Last month, we told you the Gutenberg editor for WordPress would be out soon. On December 6, 2018, the WordPress team released WordPress 5.0, including Gutenberg, now known as “the block editor”.
In our previous post, we gave you some suggestions on how to approach this transition.
A month later, over 50 of the websites we actively manage have already made the change to WordPress 5.0. That’s fewer than the 700K+ Siteground hosting has upgraded, but a decent-sized sample that includes enough variables to have an idea of how the upgrade is going.
How is the Gutenberg update going?
For websites with page builders
Some of the websites we manage use a page builder like Beaver Builder or Visual Composer. For those sites, the 5.0.x upgrade made no difference at all. These websites continue to use their original page builder. For those with Beaver Builder, we installed the Classic Editor, because so far we have not found the block editor 100% reliable on letting us know which pages were built with Beaver Builder. We expect that will be improved in upcoming releases. In the meantime, the Classic Editor alerts us so we don’t accidentally edit a page with something other than Beaver Builder.
For websites with Advanced Custom Fields
Some of the websites use Advanced Custom Fields extensively in order to allow end users to edit their content without having to worry about layout. Though ACF has been working on compatibility with the new editor, we had some minor issues with the way the fields show up in the block editor. For that reason, we prefer to continue testing for a while longer. So in those cases, we installed Classic Editor to give us some more time to be sure this is working to our satisfaction. Since the developers at ACF are actively working on these issues, we expect to be able to fully transition these sites and remove the Classic Editor from them soon.
For simple websites without a lot of special functions
Other websites are simple and don’t have a lot of special features or functions. We transitioned those websites straight to WordPress 5.0+ with the block editor, and everything has gone very smoothly.
For websites built with Gutenberg from the start
Overall, websites built from the ground up with Gutenberg have been largely successful. Gutenberg is quite an improvement over the classic WordPress editor and gives clients the ability to edit their website directly without the assistance of a page builder. WordPress has provided various hooks that allow developers to style the back end independently from the front end in order to allow the content changes to display consistently with the way they will look to website visitors.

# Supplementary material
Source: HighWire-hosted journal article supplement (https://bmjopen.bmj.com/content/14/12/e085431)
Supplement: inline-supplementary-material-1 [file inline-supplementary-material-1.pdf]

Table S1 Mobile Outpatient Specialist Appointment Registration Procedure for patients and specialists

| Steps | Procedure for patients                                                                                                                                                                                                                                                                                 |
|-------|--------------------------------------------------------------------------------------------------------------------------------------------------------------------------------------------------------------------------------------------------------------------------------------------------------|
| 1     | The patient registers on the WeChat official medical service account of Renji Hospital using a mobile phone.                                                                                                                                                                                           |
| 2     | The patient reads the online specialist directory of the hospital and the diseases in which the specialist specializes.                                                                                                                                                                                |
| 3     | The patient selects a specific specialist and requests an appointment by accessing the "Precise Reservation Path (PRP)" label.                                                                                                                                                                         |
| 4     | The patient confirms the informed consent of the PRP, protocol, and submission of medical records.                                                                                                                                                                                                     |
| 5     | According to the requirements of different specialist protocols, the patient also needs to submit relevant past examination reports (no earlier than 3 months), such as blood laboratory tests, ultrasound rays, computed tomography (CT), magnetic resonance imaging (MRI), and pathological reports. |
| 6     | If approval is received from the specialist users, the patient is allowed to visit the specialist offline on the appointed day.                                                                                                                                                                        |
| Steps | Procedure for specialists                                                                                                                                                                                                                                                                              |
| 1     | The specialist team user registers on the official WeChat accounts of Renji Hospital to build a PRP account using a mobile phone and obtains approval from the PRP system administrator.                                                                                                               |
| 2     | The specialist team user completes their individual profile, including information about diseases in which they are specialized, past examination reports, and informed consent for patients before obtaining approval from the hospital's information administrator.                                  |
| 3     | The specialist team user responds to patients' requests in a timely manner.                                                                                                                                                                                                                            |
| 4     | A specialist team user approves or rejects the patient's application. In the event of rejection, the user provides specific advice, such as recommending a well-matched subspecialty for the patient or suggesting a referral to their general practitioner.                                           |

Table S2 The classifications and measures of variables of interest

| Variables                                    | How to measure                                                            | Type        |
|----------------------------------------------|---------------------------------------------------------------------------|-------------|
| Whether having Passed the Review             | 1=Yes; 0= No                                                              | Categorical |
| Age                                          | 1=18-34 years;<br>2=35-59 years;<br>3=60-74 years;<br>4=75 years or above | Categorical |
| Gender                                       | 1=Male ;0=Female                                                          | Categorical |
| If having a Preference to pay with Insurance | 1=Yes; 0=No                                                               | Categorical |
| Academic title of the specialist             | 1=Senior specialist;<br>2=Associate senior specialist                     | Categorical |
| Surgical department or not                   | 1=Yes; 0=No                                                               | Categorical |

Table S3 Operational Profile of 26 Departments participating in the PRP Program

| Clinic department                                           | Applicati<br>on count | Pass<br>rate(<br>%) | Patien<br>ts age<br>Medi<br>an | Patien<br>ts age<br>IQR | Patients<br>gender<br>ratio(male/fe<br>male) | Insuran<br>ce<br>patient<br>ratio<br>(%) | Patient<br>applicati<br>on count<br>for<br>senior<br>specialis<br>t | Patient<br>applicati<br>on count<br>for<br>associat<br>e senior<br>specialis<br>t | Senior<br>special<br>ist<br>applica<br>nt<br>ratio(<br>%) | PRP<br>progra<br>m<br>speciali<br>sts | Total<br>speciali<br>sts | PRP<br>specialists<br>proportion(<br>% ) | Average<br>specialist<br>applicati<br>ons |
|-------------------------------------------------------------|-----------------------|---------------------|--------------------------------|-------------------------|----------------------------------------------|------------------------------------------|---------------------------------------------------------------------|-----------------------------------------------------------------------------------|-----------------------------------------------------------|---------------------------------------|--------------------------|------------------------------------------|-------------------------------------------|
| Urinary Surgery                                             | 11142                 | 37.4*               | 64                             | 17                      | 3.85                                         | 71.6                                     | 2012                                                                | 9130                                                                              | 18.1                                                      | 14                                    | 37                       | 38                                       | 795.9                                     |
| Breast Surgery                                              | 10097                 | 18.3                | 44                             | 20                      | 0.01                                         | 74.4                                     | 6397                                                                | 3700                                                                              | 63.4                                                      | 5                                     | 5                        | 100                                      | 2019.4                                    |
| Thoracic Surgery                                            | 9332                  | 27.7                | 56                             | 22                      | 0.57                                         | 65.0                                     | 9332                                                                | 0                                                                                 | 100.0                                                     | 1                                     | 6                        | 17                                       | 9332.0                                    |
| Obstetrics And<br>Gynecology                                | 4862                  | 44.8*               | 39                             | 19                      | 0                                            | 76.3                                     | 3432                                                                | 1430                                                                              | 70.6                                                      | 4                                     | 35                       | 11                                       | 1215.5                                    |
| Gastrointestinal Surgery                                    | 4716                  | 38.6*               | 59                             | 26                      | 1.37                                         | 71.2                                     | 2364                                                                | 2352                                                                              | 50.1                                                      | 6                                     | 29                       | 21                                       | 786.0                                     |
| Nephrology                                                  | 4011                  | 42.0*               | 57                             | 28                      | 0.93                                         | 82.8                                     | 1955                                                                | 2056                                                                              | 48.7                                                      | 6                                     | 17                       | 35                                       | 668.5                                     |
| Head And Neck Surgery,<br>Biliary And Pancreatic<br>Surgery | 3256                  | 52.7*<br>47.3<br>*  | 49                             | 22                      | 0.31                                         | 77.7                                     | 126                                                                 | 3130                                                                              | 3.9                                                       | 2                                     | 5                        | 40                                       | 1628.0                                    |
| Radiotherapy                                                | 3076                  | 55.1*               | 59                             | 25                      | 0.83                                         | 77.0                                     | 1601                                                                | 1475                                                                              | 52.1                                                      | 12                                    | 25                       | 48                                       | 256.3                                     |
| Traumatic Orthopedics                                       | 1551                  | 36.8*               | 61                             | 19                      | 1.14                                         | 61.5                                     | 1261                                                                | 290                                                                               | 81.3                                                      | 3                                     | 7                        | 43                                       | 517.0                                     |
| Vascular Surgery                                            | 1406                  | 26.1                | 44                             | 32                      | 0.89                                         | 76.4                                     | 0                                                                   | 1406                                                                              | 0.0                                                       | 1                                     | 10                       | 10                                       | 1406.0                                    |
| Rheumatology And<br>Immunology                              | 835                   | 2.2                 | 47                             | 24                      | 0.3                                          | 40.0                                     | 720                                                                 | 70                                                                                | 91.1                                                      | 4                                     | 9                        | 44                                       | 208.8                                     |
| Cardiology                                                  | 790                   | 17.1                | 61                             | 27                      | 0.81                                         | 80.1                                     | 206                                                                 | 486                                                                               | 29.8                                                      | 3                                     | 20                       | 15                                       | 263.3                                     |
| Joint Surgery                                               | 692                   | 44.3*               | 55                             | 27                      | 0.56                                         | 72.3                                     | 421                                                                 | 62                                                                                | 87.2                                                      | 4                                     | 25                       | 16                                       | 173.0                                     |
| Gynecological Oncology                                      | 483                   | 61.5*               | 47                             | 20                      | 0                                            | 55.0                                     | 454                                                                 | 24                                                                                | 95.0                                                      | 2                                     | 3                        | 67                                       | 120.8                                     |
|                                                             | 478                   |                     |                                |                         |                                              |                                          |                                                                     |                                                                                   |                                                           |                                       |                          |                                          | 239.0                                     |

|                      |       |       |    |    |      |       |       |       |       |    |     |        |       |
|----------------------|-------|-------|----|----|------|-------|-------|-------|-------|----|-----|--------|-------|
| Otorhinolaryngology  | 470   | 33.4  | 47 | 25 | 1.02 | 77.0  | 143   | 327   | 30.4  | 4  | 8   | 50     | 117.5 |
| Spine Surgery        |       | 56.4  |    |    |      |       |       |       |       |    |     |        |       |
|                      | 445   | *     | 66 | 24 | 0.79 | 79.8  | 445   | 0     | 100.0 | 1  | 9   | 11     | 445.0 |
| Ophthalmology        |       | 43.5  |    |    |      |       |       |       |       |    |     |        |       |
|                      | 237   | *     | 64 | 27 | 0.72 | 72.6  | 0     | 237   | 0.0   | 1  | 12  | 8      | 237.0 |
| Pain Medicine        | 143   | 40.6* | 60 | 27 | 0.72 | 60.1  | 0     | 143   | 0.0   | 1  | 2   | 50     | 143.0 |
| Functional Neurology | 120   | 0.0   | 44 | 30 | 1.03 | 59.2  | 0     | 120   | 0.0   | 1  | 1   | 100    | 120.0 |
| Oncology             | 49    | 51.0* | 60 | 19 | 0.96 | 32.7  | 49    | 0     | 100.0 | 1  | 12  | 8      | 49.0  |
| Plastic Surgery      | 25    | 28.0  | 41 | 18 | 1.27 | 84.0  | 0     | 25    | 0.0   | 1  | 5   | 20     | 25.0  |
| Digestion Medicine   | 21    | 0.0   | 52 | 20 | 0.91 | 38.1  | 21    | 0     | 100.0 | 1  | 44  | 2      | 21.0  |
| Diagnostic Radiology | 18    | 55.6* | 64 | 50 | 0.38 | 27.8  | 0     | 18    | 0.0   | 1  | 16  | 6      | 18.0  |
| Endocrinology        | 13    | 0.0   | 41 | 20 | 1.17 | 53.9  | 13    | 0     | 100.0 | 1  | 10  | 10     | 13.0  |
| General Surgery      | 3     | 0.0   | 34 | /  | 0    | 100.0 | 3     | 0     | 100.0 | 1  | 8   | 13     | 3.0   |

Almost all of the drawbacks of Gutenberg stem from the fact that it’s so new, which makes sense. For developers making their own Gutenberg blocks, changes to the API can render blocks invalid, cost additional maintenance time, and render older tutorials and documentation useless. The default selection of Gutenberg blocks is also limited for the moment, and might not fit the requirements depending on the nature of the website. However, there are already several third-party blocks available for download. Sorting through these blocks to find just the right ones can be tedious, but will almost always fill in the functionality missing in the vanilla block editor.
Running across a Gutenberg bug from time to time is not uncommon, but fortunately, Gutenberg has a nice revision history that makes it possible to restore lost data. However, at the time of writing this article, we advise you proceed with caution. It is a good idea to back your website up daily in case you need to restore to an earlier version. Gutenberg is definitely a valid choice, but be aware that until some of its growing pains are worked out, you may spend extra time compensating for changes or bugs that haven’t been squashed yet.
Have we had any major issues switching to the Gutenberg block editor?
As mentioned above, we’ve met up with the most challenges when dealing with websites built entirely with Gutenberg. The reason for this is that they also include third-party plugins that build off the Gutenberg block system, and changes in the Gutenberg API require those third-party Gutenberg block developers to constantly update their plugins in order to keep their blocks functional. But developers creating plugins for Gutenberg are very active at the moment, so updates to those plugins have come out with fixes rapidly. These have only caused minor hiccups.
For simple sites not using a page builder, the change has been almost totally painless. The Gutenberg block editor includes the content in what is called a “classic block”, and you then have the option to “convert to blocks” if you want to start using the block editor for the page instead. This makes the transition seamless for many websites.
What is our opinion so far on the WordPress 5.0 update, and the transition to the Gutenberg editor?
Overall, the transition to WordPress 5.0 with the Gutenberg block editor has been very smooth. For such a monumental change to the entire editing paradigm, we couldn’t have asked for a cleaner transition. As we expressed last time, we think this is a positive change for WordPress, and will make editing website content and layout easier for the end user.